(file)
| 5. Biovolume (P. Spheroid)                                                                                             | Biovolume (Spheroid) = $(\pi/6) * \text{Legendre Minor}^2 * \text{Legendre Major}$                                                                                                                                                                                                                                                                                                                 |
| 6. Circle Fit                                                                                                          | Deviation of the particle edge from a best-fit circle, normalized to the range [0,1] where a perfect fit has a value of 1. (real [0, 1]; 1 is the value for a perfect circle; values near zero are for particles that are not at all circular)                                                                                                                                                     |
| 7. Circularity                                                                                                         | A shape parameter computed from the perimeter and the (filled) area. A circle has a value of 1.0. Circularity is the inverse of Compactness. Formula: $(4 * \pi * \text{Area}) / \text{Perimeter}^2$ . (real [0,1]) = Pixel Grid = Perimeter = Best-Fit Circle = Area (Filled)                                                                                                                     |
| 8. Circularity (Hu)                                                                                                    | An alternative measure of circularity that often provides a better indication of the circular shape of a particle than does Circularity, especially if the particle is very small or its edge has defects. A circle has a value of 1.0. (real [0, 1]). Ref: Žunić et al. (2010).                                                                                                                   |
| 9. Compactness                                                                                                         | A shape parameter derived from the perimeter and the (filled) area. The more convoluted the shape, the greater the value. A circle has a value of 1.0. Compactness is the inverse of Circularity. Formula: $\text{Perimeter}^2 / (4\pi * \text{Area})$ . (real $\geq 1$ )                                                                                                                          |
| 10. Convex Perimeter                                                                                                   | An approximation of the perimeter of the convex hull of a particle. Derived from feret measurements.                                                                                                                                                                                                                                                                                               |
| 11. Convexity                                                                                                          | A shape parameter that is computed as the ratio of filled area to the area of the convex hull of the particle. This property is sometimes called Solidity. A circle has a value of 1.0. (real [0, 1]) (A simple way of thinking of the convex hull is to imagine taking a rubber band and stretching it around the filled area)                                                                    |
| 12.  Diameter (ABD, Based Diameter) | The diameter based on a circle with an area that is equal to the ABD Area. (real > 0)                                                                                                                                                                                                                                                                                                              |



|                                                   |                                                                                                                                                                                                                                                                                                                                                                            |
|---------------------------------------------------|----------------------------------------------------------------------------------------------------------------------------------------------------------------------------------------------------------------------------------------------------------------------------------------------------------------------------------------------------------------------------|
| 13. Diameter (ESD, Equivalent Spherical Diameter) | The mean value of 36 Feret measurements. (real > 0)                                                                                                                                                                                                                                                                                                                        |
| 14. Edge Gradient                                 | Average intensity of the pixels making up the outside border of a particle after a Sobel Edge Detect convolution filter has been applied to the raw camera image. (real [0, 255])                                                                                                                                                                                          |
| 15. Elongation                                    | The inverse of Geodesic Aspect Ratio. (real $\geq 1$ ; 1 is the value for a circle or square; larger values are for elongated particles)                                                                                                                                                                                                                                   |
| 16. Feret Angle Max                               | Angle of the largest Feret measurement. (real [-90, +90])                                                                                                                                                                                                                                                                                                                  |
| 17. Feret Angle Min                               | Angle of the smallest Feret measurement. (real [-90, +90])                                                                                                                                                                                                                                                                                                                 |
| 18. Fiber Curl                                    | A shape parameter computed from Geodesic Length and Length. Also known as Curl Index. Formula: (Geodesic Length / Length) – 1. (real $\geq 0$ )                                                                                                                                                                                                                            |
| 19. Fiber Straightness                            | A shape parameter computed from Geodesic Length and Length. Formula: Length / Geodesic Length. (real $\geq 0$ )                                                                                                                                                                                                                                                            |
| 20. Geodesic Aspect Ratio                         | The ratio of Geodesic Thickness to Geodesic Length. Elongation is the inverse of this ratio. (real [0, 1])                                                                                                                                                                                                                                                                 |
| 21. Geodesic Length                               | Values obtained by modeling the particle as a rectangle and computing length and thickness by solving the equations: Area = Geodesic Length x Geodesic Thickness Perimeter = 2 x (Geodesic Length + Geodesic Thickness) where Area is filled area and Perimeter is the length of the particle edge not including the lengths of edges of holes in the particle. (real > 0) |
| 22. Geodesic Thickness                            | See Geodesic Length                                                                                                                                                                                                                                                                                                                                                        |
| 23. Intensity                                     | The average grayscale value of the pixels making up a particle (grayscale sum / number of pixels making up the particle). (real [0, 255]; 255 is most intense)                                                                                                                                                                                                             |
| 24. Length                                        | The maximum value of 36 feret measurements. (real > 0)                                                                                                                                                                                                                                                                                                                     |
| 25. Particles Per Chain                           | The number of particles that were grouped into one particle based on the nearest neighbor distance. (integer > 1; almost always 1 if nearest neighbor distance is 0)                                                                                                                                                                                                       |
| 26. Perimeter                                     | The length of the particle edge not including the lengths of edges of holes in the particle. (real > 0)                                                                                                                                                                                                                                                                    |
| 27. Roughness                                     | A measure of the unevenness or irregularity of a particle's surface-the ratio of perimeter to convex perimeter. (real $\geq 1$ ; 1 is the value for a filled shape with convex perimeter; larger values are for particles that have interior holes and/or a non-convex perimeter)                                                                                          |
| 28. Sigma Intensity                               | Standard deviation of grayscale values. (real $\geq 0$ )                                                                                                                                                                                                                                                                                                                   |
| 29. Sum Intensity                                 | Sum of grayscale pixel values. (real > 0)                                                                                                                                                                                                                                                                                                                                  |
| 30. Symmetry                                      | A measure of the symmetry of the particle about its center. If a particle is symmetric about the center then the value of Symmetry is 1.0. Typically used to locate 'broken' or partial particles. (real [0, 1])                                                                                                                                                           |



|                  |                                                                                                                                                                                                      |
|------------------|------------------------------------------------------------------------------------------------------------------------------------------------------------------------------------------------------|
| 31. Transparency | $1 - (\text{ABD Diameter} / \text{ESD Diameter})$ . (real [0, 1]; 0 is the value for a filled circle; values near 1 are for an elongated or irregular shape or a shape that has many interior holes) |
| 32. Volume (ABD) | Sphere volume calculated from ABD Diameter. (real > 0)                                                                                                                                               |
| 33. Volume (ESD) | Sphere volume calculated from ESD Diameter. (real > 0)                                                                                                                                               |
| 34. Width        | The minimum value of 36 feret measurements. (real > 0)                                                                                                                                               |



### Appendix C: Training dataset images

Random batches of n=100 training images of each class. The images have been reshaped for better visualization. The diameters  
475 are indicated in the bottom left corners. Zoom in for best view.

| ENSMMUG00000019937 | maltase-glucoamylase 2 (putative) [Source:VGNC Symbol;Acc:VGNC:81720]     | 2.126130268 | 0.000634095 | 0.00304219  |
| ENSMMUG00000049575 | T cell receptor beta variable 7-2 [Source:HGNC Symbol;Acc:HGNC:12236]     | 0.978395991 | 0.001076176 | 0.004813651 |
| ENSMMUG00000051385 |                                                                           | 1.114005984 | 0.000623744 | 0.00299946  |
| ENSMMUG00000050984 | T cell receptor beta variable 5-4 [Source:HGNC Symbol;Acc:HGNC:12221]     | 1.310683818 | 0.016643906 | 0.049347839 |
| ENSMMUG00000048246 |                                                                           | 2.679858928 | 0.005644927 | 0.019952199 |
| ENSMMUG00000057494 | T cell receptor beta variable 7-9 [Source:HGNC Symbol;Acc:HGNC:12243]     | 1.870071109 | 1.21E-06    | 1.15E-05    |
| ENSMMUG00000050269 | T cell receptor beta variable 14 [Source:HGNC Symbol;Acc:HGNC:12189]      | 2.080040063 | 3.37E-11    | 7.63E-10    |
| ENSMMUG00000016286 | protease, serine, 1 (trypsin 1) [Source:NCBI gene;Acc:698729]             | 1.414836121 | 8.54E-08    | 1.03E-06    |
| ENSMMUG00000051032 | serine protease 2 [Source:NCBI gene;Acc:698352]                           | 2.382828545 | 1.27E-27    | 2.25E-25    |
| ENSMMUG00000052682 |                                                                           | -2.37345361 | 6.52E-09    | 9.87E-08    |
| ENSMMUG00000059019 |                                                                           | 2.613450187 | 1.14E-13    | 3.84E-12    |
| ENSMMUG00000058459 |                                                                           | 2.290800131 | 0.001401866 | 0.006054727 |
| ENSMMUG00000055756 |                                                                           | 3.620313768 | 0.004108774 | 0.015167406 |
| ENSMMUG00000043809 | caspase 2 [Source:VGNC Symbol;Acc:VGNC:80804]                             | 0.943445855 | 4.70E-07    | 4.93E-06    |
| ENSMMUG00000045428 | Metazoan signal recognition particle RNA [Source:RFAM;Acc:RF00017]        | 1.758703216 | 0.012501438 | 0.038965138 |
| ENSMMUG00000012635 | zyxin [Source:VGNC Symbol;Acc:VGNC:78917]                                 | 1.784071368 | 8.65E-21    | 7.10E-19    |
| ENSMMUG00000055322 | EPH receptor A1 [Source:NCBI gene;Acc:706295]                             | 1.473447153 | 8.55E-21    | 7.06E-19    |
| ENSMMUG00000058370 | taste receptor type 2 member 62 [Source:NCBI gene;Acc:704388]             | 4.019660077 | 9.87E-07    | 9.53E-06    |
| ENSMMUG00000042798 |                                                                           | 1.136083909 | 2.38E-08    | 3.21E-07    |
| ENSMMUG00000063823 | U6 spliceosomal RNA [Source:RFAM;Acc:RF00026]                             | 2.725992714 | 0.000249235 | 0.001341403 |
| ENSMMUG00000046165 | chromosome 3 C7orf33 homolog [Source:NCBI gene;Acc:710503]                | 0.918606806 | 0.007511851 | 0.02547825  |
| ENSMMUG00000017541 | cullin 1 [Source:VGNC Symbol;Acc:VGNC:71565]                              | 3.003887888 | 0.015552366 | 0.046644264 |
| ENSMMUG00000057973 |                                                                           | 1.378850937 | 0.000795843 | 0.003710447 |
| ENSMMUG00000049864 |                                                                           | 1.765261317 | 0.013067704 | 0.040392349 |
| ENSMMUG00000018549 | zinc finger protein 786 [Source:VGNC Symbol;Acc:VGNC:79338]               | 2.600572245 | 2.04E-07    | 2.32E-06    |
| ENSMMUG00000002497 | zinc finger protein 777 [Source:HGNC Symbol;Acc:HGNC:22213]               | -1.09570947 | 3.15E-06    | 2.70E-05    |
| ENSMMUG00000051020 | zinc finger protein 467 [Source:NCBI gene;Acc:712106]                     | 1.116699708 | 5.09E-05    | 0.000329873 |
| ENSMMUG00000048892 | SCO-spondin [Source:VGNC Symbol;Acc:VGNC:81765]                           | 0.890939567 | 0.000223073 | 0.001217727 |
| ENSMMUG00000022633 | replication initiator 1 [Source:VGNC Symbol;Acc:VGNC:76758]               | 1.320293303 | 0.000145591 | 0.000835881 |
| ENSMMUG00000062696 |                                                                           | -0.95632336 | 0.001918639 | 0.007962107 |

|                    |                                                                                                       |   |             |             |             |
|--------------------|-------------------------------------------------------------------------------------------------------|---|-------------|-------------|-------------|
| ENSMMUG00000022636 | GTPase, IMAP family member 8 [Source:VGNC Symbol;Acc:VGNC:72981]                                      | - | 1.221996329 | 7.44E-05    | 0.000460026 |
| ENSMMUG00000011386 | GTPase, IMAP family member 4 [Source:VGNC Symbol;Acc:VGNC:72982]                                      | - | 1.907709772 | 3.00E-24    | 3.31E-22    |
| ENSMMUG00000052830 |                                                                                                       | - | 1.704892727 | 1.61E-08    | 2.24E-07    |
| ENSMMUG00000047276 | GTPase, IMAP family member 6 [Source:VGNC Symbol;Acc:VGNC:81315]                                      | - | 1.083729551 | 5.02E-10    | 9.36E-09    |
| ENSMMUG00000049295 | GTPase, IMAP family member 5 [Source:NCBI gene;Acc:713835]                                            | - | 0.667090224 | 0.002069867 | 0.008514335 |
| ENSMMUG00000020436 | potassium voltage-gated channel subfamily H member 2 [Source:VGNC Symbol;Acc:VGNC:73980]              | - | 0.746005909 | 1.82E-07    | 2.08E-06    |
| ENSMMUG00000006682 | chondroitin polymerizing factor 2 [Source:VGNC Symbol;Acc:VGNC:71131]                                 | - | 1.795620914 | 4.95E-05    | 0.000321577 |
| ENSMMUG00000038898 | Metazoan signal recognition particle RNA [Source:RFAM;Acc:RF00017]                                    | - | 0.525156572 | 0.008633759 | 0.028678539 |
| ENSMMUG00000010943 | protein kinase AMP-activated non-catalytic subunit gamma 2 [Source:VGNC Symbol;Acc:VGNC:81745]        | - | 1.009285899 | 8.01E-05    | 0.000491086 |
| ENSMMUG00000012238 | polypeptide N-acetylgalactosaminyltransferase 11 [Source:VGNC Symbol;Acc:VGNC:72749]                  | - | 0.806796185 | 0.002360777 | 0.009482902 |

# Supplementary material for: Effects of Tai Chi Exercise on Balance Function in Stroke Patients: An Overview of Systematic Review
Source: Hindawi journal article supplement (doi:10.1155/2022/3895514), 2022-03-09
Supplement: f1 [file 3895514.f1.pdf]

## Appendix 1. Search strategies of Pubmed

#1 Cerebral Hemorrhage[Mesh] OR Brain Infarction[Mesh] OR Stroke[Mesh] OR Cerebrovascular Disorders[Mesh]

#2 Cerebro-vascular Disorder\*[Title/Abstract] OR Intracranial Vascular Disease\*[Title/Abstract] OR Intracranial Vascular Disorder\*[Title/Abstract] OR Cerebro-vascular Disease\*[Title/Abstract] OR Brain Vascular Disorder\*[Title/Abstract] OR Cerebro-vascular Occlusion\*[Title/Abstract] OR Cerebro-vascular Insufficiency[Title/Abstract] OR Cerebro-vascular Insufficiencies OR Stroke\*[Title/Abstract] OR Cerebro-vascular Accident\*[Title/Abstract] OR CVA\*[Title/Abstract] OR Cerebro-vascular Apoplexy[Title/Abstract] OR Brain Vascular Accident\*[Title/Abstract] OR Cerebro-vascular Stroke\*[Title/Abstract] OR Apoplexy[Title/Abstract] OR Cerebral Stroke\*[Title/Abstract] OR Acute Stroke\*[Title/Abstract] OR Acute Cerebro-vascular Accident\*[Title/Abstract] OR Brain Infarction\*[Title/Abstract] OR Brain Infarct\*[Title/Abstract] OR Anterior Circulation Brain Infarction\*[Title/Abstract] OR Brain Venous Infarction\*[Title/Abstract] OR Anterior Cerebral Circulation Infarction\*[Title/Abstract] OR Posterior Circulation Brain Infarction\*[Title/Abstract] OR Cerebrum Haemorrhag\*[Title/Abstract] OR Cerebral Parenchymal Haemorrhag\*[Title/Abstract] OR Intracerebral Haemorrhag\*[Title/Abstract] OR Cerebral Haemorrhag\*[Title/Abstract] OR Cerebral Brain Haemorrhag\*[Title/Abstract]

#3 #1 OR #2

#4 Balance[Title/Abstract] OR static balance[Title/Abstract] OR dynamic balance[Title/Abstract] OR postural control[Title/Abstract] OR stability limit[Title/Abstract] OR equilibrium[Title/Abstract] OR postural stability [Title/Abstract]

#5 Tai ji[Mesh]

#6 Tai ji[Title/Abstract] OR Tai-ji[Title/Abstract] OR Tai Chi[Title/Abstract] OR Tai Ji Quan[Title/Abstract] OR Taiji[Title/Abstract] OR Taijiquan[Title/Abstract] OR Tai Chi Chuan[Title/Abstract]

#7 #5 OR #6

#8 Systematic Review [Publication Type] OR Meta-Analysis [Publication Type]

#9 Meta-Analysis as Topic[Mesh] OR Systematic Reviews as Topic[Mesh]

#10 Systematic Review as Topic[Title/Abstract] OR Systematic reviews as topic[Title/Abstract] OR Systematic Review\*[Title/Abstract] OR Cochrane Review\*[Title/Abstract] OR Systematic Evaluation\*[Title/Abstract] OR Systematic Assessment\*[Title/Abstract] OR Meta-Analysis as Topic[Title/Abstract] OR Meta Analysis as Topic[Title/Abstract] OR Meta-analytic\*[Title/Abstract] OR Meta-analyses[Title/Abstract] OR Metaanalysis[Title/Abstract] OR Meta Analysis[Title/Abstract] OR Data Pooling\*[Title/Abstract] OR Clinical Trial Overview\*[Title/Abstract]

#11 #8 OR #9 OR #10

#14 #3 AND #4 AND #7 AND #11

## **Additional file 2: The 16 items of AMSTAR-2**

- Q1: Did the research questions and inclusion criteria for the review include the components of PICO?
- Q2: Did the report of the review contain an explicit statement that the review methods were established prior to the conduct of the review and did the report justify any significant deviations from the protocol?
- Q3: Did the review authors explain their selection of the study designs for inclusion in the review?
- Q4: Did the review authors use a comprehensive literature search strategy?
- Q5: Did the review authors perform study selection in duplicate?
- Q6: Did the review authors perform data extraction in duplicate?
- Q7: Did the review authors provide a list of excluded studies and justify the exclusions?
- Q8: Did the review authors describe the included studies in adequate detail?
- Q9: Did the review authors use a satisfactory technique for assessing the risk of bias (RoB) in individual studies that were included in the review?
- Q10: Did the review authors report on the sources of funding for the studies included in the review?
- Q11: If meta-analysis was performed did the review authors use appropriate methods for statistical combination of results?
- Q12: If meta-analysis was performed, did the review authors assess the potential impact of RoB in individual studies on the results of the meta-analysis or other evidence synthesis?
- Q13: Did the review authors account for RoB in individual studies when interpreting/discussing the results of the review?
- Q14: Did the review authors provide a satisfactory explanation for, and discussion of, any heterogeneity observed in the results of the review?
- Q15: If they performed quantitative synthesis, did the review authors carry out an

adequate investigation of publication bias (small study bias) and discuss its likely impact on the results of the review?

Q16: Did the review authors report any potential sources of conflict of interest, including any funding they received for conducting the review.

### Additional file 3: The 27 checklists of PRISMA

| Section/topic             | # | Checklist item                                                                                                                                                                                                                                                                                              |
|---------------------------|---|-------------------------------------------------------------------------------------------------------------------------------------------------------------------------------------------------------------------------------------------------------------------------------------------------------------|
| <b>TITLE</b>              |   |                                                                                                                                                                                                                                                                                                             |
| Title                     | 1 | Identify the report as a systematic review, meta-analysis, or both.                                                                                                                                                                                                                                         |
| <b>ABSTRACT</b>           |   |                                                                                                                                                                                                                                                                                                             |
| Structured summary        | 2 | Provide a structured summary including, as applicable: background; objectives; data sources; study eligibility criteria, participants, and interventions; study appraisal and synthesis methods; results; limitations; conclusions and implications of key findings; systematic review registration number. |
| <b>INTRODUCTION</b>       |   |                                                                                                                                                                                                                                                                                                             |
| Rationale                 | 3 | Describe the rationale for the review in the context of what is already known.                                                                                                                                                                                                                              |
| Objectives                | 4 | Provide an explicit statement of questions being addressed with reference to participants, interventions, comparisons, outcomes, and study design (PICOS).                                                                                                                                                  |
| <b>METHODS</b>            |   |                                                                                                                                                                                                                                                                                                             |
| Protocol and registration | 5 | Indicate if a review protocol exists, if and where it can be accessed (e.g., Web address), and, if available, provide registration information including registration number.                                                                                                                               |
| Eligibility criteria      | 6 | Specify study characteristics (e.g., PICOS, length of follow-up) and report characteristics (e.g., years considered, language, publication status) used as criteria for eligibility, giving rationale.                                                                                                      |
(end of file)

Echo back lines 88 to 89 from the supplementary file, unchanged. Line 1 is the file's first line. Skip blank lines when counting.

#5 Tai ji[Mesh]

#6 Tai ji[Title/Abstract] OR Tai-ji[Title/Abstract] OR Tai Chi[Title/Abstract] OR Tai Ji Quan[Title/Abstract] OR Taiji[Title/Abstract] OR Taijiquan[Title/Abstract] OR Tai Chi Chuan[Title/Abstract]